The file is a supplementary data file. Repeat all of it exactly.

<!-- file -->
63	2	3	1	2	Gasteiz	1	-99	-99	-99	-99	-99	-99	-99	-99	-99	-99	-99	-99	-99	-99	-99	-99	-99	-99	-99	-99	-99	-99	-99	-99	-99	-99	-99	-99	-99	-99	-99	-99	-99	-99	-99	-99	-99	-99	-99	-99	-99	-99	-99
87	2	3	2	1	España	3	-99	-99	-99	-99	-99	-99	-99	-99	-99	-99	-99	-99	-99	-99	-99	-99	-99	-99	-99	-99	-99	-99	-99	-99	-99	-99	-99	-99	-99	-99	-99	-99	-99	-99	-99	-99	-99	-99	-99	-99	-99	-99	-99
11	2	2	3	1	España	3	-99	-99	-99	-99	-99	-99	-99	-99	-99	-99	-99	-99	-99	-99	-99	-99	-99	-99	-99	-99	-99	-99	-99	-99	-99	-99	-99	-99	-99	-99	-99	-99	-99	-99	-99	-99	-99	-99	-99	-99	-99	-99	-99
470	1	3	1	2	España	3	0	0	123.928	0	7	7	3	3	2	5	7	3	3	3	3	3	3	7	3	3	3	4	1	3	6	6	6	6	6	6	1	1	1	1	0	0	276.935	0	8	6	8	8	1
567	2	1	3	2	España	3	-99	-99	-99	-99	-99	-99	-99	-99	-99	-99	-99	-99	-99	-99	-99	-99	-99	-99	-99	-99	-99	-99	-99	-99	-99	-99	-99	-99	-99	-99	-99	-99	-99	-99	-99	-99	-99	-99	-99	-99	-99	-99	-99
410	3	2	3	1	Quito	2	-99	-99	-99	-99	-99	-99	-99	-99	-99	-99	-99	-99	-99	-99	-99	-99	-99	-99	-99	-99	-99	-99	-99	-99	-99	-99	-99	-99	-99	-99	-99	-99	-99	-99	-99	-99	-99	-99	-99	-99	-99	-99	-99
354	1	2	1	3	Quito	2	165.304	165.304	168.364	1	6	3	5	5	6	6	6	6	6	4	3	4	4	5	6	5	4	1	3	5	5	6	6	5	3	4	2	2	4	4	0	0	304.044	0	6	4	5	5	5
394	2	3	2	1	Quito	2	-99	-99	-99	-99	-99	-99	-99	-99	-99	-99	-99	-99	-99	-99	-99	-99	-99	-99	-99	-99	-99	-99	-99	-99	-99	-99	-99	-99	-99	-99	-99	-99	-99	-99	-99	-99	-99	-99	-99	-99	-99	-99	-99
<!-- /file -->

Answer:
63	2	3	1	2	Gasteiz	1	-99	-99	-99	-99	-99	-99	-99	-99	-99	-99	-99	-99	-99	-99	-99	-99	-99	-99	-99	-99	-99	-99	-99	-99	-99	-99	-99	-99	-99	-99	-99	-99	-99	-99	-99	-99	-99	-99	-99	-99	-99	-99	-99
87	2	3	2	1	España	3	-99	-99	-99	-99	-99	-99	-99	-99	-99	-99	-99	-99	-99	-99	-99	-99	-99	-99	-99	-99	-99	-99	-99	-99	-99	-99	-99	-99	-99	-99	-99	-99	-99	-99	-99	-99	-99	-99	-99	-99	-99	-99	-99
11	2	2	3	1	España	3	-99	-99	-99	-99	-99	-99	-99	-99	-99	-99	-99	-99	-99	-99	-99	-99	-99	-99	-99	-99	-99	-99	-99	-99	-99	-99	-99	-99	-99	-99	-99	-99	-99	-99	-99	-99	-99	-99	-99	-99	-99	-99	-99
470	1	3	1	2	España	3	0	0	123.928	0	7	7	3	3	2	5	7	3	3	3	3	3	3	7	3	3	3	4	1	3	6	6	6	6	6	6	1	1	1	1	0	0	276.935	0	8	6	8	8	1
567	2	1	3	2	España	3	-99	-99	-99	-99	-99	-99	-99	-99	-99	-99	-99	-99	-99	-99	-99	-99	-99	-99	-99	-99	-99	-99	-99	-99	-99	-99	-99	-99	-99	-99	-99	-99	-99	-99	-99	-99	-99	-99	-99	-99	-99	-99	-99
410	3	2	3	1	Quito	2	-99	-99	-99	-99	-99	-99	-99	-99	-99	-99	-99	-99	-99	-99	-99	-99	-99	-99	-99	-99	-99	-99	-99	-99	-99	-99	-99	-99	-99	-99	-99	-99	-99	-99	-99	-99	-99	-99	-99	-99	-99	-99	-99
354	1	2	1	3	Quito	2	165.304	165.304	168.364	1	6	3	5	5	6	6	6	6	6	4	3	4	4	5	6	5	4	1	3	5	5	6	6	5	3	4	2	2	4	4	0	0	304.044	0	6	4	5	5	5
394	2	3	2	1	Quito	2	-99	-99	-99	-99	-99	-99	-99	-99	-99	-99	-99	-99	-99	-99	-99	-99	-99	-99	-99	-99	-99	-99	-99	-99	-99	-99	-99	-99	-99	-99	-99	-99	-99	-99	-99	-99	-99	-99	-99	-99	-99	-99	-99